[0009] Figure 1 is a perspective view of an apparatus for an unmanned aerial vehicle recovery system in accordance with an embodiment;

[0010] Figure 2 is a cross sectional view of the apparatus of figure 1 through the plane 2-2;

[0011] Figure 3 is a view of the apparatus of figure 1 in a deployed state;

[0012] Figure 4 is a perspective view of a deployment mechanism for an unmanned aerial vehicle recovery system in accordance with another embodiment;

[0013] Figure 5 is a cross sectional view of an apparatus in accordance with another embodiment; [0014] Figure 6 is a view of the apparatus of figure 5 in a deployed state;

[0015] Figure 7 is a perspective view of an unmanned aerial vehicle with a recovery system in accordance with an embodiment;

[0016] Figure 8 is a perspective view of an unmanned aerial vehicle with a recovery system in accordance with another embodiment; and

[0017] Figure 9 is a flowchart of an example method of unmanned aerial vehicle

recovery.

DETAILED DESCRIPTION OF THE EMBODIMENTS

[0018] As used herein, any usage of terms that suggest an absolute orientation (e.g.“top”, “bottom”,“front”,“back”,“up”,“down”, etc.) are for illustrative convenience and refer to the orientation shown in a particular figure. However, such terms are not to be construed in a limiting sense as it is contemplated that various components will, in practice, be utilized in orientations that are the same as, or different than those described or shown.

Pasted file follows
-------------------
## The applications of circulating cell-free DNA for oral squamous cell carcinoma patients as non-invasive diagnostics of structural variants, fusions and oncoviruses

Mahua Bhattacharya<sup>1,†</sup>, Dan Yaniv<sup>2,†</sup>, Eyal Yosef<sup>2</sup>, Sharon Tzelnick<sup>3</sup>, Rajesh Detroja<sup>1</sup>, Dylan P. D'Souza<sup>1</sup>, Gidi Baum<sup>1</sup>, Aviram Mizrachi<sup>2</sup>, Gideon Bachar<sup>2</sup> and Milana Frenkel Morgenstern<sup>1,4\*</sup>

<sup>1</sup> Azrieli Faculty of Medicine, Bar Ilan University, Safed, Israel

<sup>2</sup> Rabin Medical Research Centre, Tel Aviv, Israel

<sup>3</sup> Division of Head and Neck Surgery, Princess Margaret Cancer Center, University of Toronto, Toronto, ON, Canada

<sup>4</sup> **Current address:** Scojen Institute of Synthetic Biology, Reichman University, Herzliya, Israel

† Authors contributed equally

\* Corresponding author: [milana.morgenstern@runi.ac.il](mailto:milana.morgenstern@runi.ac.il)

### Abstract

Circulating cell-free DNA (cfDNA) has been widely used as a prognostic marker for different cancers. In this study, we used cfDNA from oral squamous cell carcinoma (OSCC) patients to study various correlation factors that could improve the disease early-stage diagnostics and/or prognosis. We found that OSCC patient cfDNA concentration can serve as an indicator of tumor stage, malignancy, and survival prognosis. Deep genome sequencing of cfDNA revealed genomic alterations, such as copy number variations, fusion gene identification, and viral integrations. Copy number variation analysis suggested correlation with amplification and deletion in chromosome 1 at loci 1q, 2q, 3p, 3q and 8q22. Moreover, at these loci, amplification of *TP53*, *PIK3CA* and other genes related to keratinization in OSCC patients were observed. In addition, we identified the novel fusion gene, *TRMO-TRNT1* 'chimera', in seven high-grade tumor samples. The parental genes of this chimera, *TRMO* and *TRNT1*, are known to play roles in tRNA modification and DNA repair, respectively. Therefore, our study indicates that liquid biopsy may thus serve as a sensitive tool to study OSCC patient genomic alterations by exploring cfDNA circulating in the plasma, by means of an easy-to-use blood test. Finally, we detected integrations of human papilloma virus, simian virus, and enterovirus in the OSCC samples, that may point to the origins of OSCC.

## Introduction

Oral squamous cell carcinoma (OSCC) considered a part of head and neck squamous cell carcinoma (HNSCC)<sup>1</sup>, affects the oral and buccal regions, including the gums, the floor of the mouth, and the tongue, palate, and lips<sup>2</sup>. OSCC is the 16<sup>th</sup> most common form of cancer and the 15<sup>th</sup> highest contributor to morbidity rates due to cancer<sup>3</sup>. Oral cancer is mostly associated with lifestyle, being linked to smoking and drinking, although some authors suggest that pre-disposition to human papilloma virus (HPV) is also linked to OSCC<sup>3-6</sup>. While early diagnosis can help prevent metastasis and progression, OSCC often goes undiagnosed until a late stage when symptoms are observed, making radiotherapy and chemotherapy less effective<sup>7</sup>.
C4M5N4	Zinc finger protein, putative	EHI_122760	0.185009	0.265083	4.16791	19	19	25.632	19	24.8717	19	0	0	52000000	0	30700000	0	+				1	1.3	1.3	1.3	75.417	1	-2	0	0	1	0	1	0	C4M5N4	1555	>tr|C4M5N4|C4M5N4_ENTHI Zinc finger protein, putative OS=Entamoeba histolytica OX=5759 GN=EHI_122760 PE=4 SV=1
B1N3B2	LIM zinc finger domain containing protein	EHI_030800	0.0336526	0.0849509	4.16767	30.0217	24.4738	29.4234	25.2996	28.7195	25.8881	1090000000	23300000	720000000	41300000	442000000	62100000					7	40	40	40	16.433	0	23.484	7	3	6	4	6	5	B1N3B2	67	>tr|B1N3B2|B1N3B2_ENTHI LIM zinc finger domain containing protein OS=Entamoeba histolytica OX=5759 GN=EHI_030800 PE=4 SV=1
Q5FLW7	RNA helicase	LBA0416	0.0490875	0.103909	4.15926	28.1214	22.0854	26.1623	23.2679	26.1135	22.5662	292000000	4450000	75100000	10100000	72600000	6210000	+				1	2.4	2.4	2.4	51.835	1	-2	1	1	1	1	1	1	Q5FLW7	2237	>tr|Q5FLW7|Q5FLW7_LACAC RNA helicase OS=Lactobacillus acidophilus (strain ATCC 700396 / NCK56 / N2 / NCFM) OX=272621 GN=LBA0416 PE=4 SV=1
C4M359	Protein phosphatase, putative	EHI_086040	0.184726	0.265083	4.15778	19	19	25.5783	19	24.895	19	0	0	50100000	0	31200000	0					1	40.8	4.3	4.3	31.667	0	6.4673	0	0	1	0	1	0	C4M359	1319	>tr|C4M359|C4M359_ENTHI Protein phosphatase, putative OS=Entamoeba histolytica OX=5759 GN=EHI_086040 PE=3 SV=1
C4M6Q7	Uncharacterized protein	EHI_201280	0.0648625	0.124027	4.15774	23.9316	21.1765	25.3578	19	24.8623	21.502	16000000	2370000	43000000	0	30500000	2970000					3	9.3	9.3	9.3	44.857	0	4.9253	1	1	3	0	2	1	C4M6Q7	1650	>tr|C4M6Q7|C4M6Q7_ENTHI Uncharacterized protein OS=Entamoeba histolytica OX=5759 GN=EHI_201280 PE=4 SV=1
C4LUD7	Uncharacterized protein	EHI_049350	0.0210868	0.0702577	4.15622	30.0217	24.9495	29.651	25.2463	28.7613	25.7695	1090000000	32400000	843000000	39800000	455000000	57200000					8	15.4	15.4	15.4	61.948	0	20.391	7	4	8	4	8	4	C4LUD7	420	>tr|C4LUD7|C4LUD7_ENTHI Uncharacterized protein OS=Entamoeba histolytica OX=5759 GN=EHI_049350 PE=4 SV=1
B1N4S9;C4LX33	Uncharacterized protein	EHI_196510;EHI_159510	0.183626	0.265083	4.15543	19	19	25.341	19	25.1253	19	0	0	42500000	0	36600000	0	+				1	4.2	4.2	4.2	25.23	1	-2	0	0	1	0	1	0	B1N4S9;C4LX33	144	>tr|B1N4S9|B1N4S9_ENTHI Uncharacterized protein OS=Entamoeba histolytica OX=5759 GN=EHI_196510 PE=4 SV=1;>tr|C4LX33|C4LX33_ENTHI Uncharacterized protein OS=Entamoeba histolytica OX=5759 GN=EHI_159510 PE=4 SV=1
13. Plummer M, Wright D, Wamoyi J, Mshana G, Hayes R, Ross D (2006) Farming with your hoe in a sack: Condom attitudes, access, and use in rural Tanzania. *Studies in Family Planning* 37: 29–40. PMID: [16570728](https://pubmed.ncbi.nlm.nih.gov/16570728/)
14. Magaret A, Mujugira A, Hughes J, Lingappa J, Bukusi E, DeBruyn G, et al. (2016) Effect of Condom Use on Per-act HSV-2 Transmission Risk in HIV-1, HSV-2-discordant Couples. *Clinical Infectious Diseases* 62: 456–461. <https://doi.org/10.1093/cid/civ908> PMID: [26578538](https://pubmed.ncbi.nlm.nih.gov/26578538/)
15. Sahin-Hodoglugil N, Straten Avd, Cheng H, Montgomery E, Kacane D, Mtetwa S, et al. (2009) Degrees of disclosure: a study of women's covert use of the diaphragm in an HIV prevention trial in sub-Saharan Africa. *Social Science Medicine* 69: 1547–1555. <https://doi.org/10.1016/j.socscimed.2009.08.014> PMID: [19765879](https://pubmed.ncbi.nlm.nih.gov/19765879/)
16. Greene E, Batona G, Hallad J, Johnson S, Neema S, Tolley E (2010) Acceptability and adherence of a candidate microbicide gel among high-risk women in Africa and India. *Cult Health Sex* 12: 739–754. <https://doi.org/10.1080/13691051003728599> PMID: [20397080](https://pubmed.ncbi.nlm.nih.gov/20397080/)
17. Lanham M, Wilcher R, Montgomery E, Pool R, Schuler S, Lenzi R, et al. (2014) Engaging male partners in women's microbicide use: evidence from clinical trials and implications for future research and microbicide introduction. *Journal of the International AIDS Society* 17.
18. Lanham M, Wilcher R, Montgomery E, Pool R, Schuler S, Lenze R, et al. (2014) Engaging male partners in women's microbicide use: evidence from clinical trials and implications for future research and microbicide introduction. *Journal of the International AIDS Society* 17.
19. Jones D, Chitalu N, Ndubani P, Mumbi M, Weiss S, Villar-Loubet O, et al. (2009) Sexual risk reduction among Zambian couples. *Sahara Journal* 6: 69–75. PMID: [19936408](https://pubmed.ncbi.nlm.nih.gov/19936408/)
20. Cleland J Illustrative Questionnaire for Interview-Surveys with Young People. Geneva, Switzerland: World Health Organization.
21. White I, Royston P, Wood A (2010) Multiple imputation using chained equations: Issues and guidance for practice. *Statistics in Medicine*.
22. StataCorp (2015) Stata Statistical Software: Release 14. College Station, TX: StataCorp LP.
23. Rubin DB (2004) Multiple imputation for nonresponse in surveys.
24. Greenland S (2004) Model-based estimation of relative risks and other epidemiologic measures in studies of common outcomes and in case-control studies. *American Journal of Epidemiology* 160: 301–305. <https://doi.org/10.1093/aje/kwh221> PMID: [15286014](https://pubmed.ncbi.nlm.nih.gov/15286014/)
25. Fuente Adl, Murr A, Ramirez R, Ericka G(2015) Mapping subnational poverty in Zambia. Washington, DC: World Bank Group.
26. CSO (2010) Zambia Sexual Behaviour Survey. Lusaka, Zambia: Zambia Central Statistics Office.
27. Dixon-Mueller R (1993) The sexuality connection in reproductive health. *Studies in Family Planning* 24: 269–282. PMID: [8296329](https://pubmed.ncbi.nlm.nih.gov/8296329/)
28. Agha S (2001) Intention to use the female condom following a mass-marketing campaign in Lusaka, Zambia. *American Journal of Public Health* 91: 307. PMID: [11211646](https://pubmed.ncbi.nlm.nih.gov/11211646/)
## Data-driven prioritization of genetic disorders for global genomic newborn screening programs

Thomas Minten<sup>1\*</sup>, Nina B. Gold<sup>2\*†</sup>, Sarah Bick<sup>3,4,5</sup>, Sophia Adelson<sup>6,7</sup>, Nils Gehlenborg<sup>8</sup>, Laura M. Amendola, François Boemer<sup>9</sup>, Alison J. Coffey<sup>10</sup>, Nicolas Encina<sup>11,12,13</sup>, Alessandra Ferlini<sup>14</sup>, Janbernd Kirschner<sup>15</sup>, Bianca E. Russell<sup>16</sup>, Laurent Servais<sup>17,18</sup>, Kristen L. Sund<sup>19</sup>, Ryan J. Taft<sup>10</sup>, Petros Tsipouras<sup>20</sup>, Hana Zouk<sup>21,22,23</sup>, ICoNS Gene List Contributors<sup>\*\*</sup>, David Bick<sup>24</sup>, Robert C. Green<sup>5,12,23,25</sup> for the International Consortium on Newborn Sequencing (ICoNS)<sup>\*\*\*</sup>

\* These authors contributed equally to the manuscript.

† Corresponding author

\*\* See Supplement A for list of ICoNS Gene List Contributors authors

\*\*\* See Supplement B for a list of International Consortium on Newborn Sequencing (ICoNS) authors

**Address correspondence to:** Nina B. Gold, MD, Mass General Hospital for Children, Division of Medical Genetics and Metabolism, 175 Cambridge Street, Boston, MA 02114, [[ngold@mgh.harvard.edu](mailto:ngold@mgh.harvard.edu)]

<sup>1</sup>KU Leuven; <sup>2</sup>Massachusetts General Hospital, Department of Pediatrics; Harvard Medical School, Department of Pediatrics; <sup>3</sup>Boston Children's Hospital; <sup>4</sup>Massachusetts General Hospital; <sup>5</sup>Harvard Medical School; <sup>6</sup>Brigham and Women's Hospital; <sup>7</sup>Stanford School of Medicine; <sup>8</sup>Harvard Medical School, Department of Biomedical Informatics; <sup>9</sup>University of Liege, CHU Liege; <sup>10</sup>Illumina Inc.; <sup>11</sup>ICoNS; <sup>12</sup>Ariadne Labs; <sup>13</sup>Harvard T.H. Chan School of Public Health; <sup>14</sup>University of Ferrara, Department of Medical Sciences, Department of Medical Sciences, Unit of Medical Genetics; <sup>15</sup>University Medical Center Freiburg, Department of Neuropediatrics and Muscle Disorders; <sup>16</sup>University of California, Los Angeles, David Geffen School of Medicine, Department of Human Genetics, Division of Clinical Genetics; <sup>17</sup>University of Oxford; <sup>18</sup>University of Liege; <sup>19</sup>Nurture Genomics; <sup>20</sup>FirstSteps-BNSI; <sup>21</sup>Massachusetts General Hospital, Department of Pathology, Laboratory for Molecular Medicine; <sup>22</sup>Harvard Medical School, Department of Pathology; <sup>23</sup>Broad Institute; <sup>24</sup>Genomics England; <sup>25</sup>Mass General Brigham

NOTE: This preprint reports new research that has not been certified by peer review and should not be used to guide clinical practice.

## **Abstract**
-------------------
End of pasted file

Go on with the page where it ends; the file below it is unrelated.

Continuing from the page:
[0019] As unmanned aerial vehicles become more complicated, unmanned aerial vehicles become more expensive. Furthermore, as the range of unmanned aerial vehicles increases, it becomes more common for an unmanned aerial vehicle to operate at great distances from the operator of the unmanned aerial vehicle. During operation, an unmanned aerial vehicle may experience a failure of one or more systems causing the unmanned aerial vehicle to lose propulsion and thus lose flight capability which typically results in a crash.

[0020] An apparatus 10 is provided to facilitate the recovery of an unmanned aerial vehicle undergoing a system failure that may be catastrophic. In particular, the apparatus 10 reduces the damage that may be cause by a crash of the unmanned aerial vehicle by reducing the impact energy when the unmanned aerial vehicle reaches the ground or other landing surface. For example, if a non-recoverable failure of the unmanned aerial vehicle is detected, the apparatus 10 may carry out steps to slow the descent of the unmanned aerial vehicle. The manner by which a failure is detected is not limited and may include monitoring systems within the unmanned aerial vehicle. For example, the apparatus 10 may include sensors to detect when the unmanned aerial vehicle experiences a change in acceleration, a loss of

communication, a loss of power, or other system failure that may result in a loss of flight capability. In other examples, the apparatus 10 may also be able to receive a signal from an external source, such as a handheld device to manually deploy the recovery system at any point decided by the user to mitigate damage from a failed unmanned aerial vehicle.